Mark Rose
Posts: 45
Location: Toronto
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If you got about 60% efficiency, with 150 ft of head, you'd generate about 27 watts, or 650 watt hours per day. If you used all 200 ft of head, you'd manage about 860 watt hours per day. Certainly put your tank as high as possible. But be aware it's only enough electricity to run a laptop or an 8" household fan (barely).

Electricity costs about $0.10 per kWh. Even in the best case, you'd be generating about $2.50 worth of electricity a month.

I might do it just for the fun factor, but that'd be it.
 
kent smith
Posts: 211
Location: Pennsylvania
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another forum for micro hydro is fieldlines.com and its sponser otherpower.com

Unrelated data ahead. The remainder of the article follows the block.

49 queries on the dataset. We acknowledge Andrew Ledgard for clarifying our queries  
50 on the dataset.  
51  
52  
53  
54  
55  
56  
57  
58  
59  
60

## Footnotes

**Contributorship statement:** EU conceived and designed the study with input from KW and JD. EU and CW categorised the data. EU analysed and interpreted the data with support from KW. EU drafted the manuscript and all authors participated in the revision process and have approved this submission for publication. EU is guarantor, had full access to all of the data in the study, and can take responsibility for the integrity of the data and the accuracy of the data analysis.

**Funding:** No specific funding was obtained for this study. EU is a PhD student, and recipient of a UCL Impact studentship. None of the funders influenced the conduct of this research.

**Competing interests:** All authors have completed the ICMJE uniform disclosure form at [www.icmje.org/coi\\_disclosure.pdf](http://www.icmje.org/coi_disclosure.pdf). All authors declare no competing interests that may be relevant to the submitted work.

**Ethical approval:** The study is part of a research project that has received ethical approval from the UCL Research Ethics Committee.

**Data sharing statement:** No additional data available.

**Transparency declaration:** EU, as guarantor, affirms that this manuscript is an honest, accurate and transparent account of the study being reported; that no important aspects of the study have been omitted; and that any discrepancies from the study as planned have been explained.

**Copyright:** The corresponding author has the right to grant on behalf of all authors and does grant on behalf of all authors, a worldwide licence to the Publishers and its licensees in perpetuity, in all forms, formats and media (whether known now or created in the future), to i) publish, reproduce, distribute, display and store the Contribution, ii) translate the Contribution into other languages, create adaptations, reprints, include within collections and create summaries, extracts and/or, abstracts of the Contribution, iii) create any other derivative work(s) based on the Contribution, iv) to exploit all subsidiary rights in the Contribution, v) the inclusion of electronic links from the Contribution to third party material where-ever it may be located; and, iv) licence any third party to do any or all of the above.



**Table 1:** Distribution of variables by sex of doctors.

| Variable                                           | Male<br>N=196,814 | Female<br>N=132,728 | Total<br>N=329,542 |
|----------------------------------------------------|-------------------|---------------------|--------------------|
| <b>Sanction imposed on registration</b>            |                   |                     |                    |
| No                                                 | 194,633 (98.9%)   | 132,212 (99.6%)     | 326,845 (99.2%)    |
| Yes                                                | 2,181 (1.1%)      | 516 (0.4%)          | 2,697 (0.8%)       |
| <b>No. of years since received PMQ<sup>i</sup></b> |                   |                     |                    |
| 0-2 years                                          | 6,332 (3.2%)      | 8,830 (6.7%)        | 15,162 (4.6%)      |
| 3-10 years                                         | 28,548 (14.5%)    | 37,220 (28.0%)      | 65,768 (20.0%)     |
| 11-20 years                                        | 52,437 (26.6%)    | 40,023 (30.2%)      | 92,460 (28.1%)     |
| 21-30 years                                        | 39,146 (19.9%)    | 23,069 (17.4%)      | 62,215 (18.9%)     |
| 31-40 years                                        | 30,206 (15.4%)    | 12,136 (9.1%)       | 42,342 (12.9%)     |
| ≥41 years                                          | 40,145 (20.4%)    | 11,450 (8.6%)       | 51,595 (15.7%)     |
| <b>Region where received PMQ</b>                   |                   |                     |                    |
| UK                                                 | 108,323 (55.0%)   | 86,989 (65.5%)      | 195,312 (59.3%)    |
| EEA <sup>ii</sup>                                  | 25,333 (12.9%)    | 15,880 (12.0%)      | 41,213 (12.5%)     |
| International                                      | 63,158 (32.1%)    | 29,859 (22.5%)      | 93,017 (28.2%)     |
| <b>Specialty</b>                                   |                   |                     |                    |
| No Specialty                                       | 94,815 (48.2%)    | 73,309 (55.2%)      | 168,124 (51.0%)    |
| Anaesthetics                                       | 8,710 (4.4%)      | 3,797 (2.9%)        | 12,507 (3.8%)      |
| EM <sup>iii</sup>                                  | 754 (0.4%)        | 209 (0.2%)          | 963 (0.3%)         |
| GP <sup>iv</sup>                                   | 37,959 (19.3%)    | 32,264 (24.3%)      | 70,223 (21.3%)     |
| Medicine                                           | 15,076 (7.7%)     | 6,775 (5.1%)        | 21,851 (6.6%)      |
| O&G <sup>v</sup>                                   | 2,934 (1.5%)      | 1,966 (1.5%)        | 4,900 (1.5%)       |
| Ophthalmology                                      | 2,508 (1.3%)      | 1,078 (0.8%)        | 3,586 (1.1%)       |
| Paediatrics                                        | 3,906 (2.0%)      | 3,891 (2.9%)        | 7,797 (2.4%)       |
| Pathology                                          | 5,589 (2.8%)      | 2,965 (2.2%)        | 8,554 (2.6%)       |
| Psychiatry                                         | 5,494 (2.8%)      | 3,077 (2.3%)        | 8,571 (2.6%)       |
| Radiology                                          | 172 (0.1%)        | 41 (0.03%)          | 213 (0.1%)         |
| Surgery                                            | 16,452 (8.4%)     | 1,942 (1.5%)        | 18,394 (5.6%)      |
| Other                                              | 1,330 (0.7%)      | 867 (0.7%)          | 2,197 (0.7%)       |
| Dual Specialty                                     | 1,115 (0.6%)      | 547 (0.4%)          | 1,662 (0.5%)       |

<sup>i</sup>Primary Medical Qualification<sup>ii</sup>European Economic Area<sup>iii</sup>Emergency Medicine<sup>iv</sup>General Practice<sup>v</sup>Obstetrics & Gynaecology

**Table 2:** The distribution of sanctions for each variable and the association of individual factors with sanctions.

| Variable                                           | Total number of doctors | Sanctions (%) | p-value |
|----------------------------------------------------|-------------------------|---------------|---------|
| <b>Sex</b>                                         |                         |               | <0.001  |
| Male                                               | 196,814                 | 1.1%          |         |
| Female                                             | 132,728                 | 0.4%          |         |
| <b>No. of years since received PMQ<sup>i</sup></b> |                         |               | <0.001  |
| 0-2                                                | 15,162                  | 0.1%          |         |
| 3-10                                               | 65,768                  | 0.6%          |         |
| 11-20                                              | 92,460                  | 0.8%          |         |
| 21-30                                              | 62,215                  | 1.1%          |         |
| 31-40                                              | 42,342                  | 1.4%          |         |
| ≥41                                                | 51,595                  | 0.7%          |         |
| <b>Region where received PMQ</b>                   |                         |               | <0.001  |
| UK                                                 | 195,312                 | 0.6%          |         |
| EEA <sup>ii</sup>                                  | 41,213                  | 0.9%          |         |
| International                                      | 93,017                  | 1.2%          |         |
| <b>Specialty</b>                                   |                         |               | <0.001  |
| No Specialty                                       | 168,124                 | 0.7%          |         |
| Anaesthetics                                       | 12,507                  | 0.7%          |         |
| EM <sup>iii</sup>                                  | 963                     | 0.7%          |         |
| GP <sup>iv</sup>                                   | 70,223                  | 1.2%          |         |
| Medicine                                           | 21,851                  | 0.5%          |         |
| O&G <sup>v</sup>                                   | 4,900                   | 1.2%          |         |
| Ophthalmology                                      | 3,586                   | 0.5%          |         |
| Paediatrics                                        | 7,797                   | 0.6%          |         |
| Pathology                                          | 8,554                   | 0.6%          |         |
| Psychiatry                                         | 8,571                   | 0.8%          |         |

kent
 
Carina Robicheaux
Posts: 35
Location: Oregon Coast Range zone 8b
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Thanks for the input guys.
You're right Mark. After running the numbers a few different ways, my conclusion is that this site has enough water for domestic use, but not enough to make micro hydro cost effective. I'm going to concentrate on setting up for domestic/agri water only.
Maybe I'll look into wind at a later date, and just be satisfied with solar for now. I'm OK with just using less power and shifting my activities to take advantage of natural light. Other members of my group are pretty fixated on having electric luxuries. Oh well.
Thanks again for the advice and the links.
 
Brian White
Posts: 38
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I just lost a half hour reply, anyway, please check out my playlist at http://www.youtube.com/playlist?list=PLFD3B655FED590244&feature=viewall